Amnesia: Rebirth – Final Review

Amnesia Rebirth’s narrative is a nonsensical, muddled mess, rarely engaging, excessively abstract, poorly and lazily presented – after an immensely promising start, there is a rapid and constant descent into dull incoherence – very few are the positive attributes. The existence of this promising opening, meanwhile, only makes more frustrating that painful descent. Regarding thisContinue reading “Amnesia: Rebirth – Final Review”

Trine: Enchanted Edition – Final Review

Trine’s central narrative is abounding in charm and whimsicality, though suffering from a relative dearth of originality – foundationally, it is simplistic, firmly adhering to the tropes of the fantasy genre, being a “fairy tale” of sorts. But life and humor are injected throughout, the narrative unfolding (predictably?) within a fallen kingdom, once renowned forContinue reading “Trine: Enchanted Edition – Final Review”

Shadow of the Tomb Raider – Final Review

Shadow of the Tomb Raider’s central narrative structure is largely devoid of any originality, the primary narrative motivation being a painfully overused one – the world is on the verge of destruction, threatened by an ancient force which, if not vanquished, spells doom for all. Responsibility for the world’s saving necessarily falls upon the shouldersContinue reading “Shadow of the Tomb Raider – Final Review”

On First-Person Shooters

The FPS genre is amongst the most popular genres of the present moment, countless titles releasing each year, though more than other genres, development of first-person shooters is largely dominated by larger, AAA studios; small indie studios mostly reject the genre, preferring instead to develop more artistic, creative experiences; a notable rift is in place.Continue reading “On First-Person Shooters”

Far Cry 4: Valley of the Yetis – Final Review

Being mere DLC, it follows that Far Cry 4: Valley of the Yetis is defined by restrained ambitions, though these lesser aspirations do not result in a dearth of enjoyability – far from it. The gameplay systems underpinning the base game were foundationally sound, excellent, so it follows that the systems here are sound andContinue reading “Far Cry 4: Valley of the Yetis – Final Review”

On Video Game Sequels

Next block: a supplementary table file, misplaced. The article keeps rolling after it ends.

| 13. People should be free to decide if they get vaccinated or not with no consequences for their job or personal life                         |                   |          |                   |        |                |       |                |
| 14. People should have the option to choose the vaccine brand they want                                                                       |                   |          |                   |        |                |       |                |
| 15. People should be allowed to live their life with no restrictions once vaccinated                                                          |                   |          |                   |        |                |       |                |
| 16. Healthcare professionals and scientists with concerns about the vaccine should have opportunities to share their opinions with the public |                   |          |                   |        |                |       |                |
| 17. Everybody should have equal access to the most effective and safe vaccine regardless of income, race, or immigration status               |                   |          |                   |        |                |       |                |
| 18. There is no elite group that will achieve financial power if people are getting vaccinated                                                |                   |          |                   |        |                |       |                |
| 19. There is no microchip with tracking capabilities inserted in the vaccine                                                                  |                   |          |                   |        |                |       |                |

Video game studios develop sequels for a plurality of reasons, most commonplace being narrative continuance and gameplay refinement, though numerically the latter often eclipses the former; direct sequels, where one player character persists as player character throughout, where that player character’s narrative is directly continued from title to title: these instances are fairly minimized, frustratingContinue reading “On Video Game Sequels”

D4: Dark Dreams Don’t Die – Final Review

D4: Dark Dreams Don’t Die’s central narrative is wonderfully and fiercely unique, passionately embracing a more gay, playful, and lighthearted tone, itself at odds with an industry which values and champions narrative bleakness, narrative darkness; in all facets of its construction, the tonally disheartening is broken with. D4, with this playfulness and constant insertion ofContinue reading “D4: Dark Dreams Don’t Die – Final Review”

On Open World Game Design

The hastiness with which open world games have ascended to industry dominance is compelling and profound indeed. A much acclaimed, pioneer of the genre – Grand Theft Auto III – released little over a scant two decades ago, its release considered as a watershed moment for the industry, the release advancing that selfsame industry; Rockstar’sContinue reading “On Open World Game Design”

Open World Analysis – Far Cry 4

Far Cry 4’s technically and artistically beautiful open world of Kyrat is constantly in a state of motion, the game world teeming with life. This bustling nature directly enhances the joys of exploration, which constitutes a considerable portion of the overall gameplay experience. The ample animal presence is amongst the greatest communicators of this life;Continue reading “Open World Analysis – Far Cry 4”

Dishonored: The Knife of Dunwall and The Brigmore Witches – Final Review

When considered alongside the base game Dishonored, its two primary DLC adopt a more narrative-centric approach; story is wonderfully prioritized, emphasized just as much as the central gameplay; The Knife of Dunwall and The Brigmore Witches both thrive on narrative, this thriving helping the DLC achieve and assert its own distinct identity, splintering away fromContinue reading “Dishonored: The Knife of Dunwall and The Brigmore Witches – Final Review”